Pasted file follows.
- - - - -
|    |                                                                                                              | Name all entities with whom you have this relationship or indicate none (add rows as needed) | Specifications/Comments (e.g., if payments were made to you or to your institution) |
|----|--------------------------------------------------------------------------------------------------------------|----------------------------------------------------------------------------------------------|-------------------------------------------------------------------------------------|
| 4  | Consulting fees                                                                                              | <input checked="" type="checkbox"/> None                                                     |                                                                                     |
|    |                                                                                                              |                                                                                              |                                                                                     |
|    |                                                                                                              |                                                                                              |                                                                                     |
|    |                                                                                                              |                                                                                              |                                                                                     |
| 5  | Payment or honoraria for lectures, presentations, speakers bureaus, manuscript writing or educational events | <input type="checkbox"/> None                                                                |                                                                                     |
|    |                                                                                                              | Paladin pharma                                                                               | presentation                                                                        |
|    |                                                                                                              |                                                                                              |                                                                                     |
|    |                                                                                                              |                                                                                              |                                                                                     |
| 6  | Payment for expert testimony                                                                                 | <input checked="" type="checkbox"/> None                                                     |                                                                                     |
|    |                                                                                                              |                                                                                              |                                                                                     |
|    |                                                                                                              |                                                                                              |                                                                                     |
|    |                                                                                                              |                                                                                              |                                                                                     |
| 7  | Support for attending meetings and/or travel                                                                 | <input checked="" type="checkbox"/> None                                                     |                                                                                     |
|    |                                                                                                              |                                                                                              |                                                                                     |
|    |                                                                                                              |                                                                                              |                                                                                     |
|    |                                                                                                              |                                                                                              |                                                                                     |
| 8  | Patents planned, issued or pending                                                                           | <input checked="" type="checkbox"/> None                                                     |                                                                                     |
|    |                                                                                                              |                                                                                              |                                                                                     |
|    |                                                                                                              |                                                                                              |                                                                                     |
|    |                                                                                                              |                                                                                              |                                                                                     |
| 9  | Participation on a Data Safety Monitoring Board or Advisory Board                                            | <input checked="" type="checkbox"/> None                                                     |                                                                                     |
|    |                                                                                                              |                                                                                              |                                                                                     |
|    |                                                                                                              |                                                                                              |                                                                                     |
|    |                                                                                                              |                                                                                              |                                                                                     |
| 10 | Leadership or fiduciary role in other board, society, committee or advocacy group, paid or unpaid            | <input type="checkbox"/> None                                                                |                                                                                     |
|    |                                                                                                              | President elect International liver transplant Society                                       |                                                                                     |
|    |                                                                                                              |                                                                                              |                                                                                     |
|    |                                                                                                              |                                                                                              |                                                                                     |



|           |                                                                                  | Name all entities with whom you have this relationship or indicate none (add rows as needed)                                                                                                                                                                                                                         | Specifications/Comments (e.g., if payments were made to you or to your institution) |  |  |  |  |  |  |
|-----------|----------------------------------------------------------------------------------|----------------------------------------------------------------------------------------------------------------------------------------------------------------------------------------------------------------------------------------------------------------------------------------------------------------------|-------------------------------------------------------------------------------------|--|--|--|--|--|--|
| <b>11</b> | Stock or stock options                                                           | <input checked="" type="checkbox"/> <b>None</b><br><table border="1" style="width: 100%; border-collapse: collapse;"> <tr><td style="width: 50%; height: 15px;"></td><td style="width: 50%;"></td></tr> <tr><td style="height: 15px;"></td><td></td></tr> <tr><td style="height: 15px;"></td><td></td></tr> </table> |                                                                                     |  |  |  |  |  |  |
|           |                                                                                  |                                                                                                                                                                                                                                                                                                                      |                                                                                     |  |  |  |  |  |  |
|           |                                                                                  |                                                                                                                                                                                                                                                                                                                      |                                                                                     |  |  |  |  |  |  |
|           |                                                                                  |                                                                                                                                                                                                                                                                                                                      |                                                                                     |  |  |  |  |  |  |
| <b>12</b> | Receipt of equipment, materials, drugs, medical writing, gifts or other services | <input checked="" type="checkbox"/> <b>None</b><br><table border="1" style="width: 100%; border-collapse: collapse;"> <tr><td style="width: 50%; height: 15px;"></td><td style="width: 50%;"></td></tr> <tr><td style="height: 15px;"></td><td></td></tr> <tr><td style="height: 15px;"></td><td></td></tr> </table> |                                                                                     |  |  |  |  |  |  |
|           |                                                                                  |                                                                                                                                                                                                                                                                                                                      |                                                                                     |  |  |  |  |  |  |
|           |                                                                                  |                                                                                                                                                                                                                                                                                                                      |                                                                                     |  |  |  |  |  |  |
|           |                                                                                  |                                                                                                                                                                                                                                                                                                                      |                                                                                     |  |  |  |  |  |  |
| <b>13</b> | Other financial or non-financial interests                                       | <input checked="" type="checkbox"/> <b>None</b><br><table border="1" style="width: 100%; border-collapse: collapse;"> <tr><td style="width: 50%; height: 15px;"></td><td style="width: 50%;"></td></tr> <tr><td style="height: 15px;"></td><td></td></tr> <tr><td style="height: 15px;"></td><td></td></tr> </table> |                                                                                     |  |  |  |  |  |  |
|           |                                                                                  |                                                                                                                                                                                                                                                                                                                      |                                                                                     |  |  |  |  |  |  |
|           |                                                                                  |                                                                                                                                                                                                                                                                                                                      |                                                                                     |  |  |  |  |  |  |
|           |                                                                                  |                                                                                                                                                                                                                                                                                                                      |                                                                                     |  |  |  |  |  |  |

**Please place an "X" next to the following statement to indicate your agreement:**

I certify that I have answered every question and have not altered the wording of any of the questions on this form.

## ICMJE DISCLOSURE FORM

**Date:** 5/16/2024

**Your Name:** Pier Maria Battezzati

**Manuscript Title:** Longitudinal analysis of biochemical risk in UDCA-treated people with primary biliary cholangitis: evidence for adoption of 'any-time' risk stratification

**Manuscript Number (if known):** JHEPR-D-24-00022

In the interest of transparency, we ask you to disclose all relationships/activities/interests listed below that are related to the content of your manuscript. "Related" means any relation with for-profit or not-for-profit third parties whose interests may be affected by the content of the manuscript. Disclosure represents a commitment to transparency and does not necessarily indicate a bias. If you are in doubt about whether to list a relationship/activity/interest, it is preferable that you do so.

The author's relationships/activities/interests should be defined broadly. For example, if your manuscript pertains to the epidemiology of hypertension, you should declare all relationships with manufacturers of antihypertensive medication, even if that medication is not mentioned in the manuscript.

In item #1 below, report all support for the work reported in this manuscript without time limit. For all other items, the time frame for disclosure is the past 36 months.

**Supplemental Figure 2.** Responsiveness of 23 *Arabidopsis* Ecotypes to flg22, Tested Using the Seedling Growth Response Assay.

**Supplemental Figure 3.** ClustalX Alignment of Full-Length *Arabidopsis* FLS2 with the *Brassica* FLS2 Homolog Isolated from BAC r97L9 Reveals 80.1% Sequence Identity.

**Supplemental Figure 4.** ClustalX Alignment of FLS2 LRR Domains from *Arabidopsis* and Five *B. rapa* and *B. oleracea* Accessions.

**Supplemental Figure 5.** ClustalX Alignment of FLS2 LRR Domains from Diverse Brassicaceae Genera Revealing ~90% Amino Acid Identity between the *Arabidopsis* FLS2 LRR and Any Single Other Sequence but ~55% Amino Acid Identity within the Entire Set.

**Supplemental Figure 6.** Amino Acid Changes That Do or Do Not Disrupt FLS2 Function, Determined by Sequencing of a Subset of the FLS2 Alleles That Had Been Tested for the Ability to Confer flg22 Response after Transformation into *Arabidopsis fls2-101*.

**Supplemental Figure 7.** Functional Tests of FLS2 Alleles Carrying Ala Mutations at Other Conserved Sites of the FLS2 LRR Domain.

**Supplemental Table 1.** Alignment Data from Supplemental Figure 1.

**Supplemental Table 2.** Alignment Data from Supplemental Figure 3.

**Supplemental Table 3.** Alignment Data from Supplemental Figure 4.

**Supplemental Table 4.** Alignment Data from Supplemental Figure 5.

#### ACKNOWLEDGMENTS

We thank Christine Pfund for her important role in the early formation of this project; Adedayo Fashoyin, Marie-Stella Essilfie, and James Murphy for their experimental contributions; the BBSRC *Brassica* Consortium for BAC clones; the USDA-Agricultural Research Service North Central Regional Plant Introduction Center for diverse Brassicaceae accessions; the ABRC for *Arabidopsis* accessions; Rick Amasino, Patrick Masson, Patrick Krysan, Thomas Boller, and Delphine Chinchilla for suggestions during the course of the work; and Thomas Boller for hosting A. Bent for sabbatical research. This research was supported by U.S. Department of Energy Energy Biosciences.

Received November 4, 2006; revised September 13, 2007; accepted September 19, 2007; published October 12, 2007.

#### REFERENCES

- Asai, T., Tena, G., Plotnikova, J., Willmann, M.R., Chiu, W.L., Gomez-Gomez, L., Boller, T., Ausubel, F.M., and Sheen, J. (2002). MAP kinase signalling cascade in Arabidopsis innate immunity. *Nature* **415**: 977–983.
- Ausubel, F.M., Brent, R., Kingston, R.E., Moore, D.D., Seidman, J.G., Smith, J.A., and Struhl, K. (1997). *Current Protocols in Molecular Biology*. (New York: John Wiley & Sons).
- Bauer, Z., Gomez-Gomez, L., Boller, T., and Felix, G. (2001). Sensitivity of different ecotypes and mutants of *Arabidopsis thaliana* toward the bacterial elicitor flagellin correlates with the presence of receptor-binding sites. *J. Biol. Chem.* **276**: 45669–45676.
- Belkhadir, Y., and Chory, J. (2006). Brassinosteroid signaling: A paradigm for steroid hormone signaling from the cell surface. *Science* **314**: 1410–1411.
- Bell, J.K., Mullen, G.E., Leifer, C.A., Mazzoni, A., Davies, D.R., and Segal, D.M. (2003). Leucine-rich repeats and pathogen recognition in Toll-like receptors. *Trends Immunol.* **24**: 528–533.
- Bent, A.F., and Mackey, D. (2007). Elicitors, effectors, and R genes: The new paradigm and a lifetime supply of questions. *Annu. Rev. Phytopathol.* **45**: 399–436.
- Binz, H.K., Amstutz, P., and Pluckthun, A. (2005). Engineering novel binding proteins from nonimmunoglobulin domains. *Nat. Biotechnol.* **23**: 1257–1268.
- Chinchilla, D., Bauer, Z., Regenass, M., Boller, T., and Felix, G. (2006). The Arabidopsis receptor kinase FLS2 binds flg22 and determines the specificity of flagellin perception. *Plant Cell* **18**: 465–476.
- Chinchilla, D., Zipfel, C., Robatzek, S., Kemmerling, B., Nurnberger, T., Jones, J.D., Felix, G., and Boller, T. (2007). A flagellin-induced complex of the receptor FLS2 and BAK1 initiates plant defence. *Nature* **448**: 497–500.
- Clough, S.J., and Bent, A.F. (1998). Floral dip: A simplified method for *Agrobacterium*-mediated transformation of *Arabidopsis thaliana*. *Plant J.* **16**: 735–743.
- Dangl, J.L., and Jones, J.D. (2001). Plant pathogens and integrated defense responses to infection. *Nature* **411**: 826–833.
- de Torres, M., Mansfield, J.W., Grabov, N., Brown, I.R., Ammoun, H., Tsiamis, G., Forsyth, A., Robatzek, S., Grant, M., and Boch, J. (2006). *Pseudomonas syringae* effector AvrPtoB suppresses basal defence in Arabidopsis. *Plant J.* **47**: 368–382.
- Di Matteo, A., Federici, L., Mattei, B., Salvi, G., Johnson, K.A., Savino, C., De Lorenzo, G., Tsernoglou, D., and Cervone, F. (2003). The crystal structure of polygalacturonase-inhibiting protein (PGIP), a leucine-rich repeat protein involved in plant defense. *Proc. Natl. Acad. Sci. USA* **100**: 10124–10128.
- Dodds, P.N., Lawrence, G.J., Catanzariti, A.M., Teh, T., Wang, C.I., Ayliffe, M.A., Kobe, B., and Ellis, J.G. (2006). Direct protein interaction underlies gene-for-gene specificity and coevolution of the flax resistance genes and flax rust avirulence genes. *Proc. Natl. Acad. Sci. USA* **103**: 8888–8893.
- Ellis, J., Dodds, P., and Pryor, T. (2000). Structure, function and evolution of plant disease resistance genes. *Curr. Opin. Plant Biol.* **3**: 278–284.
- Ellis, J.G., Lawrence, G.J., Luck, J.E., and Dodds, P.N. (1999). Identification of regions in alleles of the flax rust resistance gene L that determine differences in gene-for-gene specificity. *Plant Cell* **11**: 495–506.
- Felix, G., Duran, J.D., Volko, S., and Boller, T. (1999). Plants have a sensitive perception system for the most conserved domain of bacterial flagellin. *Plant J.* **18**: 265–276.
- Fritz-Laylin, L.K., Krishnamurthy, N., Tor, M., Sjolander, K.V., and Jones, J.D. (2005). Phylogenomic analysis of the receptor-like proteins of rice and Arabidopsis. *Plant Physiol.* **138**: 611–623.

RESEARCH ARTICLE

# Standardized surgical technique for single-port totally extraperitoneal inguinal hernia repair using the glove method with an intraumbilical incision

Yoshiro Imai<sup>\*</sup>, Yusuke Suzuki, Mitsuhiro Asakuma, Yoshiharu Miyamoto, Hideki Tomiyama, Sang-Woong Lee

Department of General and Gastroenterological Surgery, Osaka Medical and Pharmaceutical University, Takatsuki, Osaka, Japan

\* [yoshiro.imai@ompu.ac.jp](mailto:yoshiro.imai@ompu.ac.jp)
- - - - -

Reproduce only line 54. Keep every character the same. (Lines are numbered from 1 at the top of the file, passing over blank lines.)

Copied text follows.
In item #1 below, report all support for the work reported in this manuscript without time limit. For all other items, the time frame for disclosure is the past 36 months.